The Sri Lanka Embassy in Thailand has requested the Ministry of Foreign Affairs to make arrangements to evacuate some 300 Sri Lankans left stranded in Bangkok since Wednesday, after Thai demonstrators forced the temporary closure of Suvarnabhumi International Airport.
“We are trying to charter a plane to pick up the Sri Lankans,” Professor J. B. Dissanayake, Sri Lanka’s Ambassador to Thailand, told The Sunday Times by telephone from Bangkok.
The embassy is seeking clearance for a chartered aircraft to land at a military base in Bangkok. The ambassador said about 300 Sri Lankans had called the embassy after the airport was closed, adding that there may be more locals stranded in Bangkok who have not yet contacted the embassy.
|A Thai anti-government protester rests at Bangkok's occupied Suvarnabhumi international airport on Friday. AFP
Foreign Secretary Dr. Palitha Kohona confirmed there had been an informal request to charter an aircraft to evacuate the Sri Lankans, but said it was not a realistic option, considering that there were thousands of foreigners stranded in Thailand and getting permission to land at military bases would be difficult. “The Lankans will have to sit it out,” he said.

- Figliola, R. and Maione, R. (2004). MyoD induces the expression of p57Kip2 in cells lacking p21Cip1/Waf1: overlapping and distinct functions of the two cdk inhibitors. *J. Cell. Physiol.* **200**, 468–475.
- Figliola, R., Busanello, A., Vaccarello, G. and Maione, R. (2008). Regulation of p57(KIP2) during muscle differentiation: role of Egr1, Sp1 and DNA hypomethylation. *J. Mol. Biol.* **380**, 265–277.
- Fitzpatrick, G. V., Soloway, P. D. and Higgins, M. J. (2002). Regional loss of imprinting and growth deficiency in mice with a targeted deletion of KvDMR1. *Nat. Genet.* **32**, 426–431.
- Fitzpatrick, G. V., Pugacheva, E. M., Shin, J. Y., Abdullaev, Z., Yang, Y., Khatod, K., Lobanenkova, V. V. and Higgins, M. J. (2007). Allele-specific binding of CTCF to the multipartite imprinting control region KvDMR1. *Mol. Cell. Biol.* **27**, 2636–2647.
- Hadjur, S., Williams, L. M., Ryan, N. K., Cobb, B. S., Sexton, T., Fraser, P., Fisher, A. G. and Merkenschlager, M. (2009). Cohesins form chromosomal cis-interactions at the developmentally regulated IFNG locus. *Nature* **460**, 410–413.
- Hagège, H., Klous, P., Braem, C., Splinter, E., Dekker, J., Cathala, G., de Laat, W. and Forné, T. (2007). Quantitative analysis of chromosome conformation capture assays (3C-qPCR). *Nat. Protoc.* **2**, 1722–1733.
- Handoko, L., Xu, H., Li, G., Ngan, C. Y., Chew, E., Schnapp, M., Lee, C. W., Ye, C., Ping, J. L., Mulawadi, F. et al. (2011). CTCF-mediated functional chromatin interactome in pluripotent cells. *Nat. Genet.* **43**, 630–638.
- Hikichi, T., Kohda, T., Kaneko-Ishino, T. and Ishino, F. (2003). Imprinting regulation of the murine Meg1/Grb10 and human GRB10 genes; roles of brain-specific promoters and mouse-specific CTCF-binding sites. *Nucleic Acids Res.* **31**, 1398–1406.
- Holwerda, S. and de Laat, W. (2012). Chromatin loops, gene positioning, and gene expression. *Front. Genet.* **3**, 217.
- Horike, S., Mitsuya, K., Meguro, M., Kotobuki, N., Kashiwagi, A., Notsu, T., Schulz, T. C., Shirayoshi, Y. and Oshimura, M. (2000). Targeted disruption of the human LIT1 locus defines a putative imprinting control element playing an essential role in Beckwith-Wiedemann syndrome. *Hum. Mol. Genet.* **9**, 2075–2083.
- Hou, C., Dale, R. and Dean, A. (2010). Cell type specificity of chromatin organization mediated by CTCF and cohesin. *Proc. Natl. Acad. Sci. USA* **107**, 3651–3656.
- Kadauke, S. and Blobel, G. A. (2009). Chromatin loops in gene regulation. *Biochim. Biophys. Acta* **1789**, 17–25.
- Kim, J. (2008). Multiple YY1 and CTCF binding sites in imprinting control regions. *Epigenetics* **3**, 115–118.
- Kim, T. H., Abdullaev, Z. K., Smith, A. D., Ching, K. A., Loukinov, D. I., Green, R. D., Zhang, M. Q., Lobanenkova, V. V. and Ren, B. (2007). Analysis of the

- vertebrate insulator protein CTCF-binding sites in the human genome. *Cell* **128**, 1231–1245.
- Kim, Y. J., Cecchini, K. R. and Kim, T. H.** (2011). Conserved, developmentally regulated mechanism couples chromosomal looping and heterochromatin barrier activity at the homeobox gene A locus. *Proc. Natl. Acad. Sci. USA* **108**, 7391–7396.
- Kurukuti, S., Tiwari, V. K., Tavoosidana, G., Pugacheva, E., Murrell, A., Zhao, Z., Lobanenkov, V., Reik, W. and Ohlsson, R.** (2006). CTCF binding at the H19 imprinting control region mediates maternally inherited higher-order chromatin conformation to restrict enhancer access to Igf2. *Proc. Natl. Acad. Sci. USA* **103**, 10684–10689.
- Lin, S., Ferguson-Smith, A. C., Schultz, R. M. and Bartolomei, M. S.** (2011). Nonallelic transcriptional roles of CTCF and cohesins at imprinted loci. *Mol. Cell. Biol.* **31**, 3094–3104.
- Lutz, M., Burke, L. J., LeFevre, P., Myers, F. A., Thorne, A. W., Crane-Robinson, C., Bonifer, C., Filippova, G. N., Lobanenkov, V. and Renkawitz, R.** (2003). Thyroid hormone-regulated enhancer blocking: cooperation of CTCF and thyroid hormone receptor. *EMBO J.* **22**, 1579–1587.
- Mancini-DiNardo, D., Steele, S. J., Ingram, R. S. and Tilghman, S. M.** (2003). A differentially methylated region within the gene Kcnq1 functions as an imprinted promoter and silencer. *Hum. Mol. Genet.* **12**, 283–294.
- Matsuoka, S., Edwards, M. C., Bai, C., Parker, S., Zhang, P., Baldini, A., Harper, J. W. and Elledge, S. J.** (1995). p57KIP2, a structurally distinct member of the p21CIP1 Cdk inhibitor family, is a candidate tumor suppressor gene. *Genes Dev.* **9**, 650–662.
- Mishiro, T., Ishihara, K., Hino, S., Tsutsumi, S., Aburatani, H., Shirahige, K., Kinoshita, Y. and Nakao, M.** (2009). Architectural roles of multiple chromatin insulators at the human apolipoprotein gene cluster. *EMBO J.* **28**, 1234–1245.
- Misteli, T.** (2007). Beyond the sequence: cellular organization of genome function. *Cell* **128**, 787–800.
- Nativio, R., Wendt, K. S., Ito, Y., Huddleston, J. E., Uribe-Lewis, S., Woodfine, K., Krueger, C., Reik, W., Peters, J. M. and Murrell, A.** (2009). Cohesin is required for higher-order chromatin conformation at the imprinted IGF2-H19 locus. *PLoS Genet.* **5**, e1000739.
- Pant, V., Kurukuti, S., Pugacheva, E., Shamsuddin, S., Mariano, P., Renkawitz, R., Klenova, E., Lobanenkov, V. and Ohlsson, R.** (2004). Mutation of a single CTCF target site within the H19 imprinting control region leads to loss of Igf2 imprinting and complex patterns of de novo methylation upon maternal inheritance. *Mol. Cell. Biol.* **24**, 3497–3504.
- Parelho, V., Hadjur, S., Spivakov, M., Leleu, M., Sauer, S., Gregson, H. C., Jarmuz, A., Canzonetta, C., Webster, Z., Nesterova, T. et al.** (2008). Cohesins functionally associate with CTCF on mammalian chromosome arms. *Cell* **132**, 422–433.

The Sri Lankans and other passengers are being put up in hotels and are being well looked after by the Thai government, Ambassador Dissanayake said.
Last Wednesday a crowd of 5,000 protestors blocked roads leading to the airport, saying they would not withdraw until the Thai government resigned. At present, no air traffic is moving into or out of Bangkok.
Ambassador Dissanayake said he did not expect an “immediate resolution” to the problem.
Sri Lankans in Thailand told The Sunday Times that the Lankans held up in Bangkok included holiday-makers, passengers in transit, and a group that had attended an international gem exposition in the city.
Meanwhile, one Sri Lankan being put up in a Bangkok hotel said the Thai government was covering only bed and breakfast costs.
“We have to pay for our other meals, and we are also spending a lot on telephone calls to make alternative arrangements back home, because our work has been affected,” he said.